My overall experience at the Javits was good. My time there only lasted a few weeks, as patient admission numbers there continued to decline, eventually bringing an end to the Javits Center being a place for patient care.

 

Those of us who were at the Javits Center were tasked to Queens Hospital center, working alongside civilian medical providers. My questions and nerves returned, what was I going to see there?

 

As people's names were being called out for team and floor assignments I wondered where I would be placed. My name eventually got called. “SPC LeBlanc, ICU”. I felt immediate excitement. I was going to be where the sickest of the sick patients were going to be. Little did I know that it was going to take a toll on me. 

 

Work in the ICU was a little different than what I have ever experienced. I am not used to bedside care, I am used to being a paramedic and working in emergency medicine. My first time on the floor, it was a lot to take in. Bells were dinging constantly. As I looked up and down the hall, there were stacks of IV pumps on top of each other with tangled IV tubing running into the patient’s rooms. I would look at the patients, sad for them and their families, because they were not allowed to be together.

 

I had a patient that I would go in and hold her hand. But with her, she would hold mine back. She would open her eyes here and there, but it would make me smile when I could feel her squeeze my hand too. Those moments grounded me when I was having a hard time. They would remind me why I was there.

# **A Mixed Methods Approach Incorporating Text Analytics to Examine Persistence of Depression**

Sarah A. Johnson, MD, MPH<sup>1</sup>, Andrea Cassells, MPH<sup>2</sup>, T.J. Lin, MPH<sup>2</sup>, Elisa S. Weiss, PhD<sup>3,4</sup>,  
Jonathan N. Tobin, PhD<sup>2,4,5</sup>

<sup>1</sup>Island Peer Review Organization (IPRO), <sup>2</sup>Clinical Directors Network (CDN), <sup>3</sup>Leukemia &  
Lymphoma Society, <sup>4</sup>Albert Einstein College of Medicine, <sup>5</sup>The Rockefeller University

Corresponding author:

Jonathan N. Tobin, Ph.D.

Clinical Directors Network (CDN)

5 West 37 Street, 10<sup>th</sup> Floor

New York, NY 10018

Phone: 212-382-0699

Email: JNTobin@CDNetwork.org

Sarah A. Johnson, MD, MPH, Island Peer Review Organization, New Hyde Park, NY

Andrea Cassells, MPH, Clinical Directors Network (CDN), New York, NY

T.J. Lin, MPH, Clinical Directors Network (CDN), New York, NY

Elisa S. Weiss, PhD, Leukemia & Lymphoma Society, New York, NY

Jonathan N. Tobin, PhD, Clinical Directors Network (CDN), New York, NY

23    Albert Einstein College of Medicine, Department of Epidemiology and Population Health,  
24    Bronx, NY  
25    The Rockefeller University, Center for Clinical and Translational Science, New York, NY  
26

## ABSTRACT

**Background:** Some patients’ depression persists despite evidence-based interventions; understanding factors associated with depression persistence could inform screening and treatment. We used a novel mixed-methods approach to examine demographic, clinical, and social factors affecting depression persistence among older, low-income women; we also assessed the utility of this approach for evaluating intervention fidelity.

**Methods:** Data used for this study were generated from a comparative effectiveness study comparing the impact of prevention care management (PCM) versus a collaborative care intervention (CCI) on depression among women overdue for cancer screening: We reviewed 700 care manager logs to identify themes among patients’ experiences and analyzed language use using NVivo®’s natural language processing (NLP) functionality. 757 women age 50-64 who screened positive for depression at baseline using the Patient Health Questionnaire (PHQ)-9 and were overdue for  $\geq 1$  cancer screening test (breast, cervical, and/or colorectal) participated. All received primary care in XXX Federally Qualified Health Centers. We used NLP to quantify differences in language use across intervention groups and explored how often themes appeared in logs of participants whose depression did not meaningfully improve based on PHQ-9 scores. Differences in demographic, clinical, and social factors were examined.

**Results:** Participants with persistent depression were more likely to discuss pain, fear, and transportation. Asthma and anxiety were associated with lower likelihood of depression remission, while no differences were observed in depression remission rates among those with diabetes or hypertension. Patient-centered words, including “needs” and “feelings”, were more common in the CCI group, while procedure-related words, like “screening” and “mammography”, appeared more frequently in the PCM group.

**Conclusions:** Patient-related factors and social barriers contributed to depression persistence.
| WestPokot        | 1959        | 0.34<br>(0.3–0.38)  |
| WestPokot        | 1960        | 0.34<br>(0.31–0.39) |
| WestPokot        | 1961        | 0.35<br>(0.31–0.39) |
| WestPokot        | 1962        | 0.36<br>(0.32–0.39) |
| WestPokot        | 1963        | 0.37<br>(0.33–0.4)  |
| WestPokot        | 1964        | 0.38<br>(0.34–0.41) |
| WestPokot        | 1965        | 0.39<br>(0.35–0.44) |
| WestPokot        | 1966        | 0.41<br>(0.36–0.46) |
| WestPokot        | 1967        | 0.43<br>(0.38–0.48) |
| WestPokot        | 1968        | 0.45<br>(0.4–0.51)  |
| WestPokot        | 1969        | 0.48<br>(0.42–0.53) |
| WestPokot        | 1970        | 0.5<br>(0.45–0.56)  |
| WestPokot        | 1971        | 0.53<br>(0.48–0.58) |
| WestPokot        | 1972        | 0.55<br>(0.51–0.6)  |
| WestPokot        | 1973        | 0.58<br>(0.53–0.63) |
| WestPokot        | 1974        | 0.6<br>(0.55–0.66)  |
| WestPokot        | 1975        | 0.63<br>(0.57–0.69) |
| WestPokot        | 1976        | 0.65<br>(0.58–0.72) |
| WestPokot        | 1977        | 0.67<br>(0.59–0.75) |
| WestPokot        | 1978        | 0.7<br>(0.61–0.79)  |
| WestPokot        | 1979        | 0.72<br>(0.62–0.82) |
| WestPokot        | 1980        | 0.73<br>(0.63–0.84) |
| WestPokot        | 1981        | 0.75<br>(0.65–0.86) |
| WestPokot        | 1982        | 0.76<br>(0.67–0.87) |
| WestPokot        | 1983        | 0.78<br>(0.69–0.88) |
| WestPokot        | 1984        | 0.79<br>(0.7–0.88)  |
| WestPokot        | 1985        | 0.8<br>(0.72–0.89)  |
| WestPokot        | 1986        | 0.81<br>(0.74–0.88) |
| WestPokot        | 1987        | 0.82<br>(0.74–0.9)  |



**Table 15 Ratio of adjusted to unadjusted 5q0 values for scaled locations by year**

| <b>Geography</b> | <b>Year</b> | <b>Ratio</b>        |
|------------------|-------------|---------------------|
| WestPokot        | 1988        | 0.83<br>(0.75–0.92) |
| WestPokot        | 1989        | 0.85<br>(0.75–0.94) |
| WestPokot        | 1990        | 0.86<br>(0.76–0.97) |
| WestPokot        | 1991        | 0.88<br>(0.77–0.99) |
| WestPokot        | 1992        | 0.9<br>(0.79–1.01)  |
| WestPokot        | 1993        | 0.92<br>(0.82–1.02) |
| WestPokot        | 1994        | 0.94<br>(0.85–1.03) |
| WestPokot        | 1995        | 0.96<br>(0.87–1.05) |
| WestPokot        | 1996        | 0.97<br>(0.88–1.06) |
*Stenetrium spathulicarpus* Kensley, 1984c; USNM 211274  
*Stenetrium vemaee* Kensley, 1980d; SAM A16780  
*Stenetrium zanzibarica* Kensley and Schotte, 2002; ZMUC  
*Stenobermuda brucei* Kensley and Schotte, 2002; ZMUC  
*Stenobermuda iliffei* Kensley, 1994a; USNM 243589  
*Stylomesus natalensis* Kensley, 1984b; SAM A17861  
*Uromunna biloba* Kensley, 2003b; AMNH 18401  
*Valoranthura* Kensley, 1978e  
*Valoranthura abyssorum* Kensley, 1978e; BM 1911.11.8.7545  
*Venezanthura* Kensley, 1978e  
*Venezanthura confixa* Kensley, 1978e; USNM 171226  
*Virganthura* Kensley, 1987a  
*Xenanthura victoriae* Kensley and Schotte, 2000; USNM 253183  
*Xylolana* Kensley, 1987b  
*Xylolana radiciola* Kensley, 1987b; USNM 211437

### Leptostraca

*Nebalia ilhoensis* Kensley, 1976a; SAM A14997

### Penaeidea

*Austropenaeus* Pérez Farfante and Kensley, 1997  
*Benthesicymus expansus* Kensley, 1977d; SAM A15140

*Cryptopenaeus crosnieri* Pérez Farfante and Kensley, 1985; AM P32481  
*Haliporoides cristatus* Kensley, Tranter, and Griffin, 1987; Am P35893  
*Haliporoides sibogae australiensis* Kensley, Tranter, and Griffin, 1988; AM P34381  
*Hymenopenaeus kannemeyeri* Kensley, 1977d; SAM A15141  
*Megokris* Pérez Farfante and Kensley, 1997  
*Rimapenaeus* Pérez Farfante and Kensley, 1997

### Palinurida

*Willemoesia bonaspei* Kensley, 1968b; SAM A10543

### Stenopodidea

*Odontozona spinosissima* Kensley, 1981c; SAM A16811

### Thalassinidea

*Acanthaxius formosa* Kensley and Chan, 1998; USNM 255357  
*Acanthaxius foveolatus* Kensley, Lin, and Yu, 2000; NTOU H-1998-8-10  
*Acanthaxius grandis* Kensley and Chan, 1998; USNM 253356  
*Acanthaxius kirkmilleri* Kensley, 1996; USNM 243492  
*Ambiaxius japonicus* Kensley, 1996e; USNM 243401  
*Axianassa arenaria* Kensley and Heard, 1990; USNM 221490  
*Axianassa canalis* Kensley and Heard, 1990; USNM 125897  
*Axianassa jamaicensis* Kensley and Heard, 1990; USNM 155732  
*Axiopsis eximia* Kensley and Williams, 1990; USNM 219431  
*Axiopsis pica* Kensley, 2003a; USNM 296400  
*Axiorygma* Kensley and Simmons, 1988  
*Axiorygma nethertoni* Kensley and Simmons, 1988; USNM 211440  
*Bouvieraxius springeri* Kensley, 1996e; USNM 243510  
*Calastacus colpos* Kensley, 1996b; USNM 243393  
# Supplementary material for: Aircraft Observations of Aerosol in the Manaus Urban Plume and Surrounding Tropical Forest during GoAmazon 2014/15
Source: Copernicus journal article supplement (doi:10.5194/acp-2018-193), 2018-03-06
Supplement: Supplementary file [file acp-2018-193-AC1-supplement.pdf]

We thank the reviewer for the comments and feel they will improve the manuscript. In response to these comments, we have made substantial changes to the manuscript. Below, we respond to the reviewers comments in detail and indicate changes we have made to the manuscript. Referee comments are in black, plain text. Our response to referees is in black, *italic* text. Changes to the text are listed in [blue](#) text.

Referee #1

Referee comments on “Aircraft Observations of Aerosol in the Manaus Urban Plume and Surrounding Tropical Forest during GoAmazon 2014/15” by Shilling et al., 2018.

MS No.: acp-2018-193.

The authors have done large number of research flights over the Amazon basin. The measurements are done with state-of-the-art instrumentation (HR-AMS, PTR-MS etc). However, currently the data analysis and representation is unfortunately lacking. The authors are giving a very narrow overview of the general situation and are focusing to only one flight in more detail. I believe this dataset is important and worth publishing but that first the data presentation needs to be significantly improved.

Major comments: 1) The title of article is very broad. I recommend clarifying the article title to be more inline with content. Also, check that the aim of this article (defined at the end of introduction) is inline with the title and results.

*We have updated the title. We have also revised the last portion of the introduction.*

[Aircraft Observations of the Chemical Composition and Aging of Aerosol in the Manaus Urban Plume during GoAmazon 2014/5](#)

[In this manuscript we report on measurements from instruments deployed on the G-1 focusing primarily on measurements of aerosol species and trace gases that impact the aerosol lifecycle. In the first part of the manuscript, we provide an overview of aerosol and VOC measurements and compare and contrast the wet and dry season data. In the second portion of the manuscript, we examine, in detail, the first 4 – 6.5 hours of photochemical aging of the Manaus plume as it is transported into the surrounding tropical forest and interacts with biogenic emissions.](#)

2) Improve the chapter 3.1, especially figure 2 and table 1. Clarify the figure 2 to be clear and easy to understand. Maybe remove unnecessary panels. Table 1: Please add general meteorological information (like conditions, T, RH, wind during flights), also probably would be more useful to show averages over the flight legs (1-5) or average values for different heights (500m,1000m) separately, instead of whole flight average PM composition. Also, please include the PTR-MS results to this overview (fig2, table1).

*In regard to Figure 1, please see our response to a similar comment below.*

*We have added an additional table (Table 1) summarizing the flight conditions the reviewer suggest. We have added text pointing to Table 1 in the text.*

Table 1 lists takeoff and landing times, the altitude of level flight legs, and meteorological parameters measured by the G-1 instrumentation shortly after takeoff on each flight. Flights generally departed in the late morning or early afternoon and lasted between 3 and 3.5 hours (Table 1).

As overwhelming as it was, I learned a lot. Things I had never even seen before. There were events that really hit hard emotionally. I ask myself why. I got mad at the virus. I had so many questions. Yet, I went about my days and finished my shifts.

 

My last shift in the ICU was a couple days ago. I am thankful for what I have experienced. It has been an event of a lifetime. I am grateful to everyone who has helped me get through this process. I am lucky to have had the command we had, my friends here that have become family, and the opportunity to have been in these patients lives to try and make a difference. 

 

I am happy to share what I have seen as I sit in my hotel room completing the required quarantine. I am really looking forward to getting back to work and seeing my fire brothers and getting back on the trucks. But work has given me two weeks off, so I am going to make the most of that time and unwind.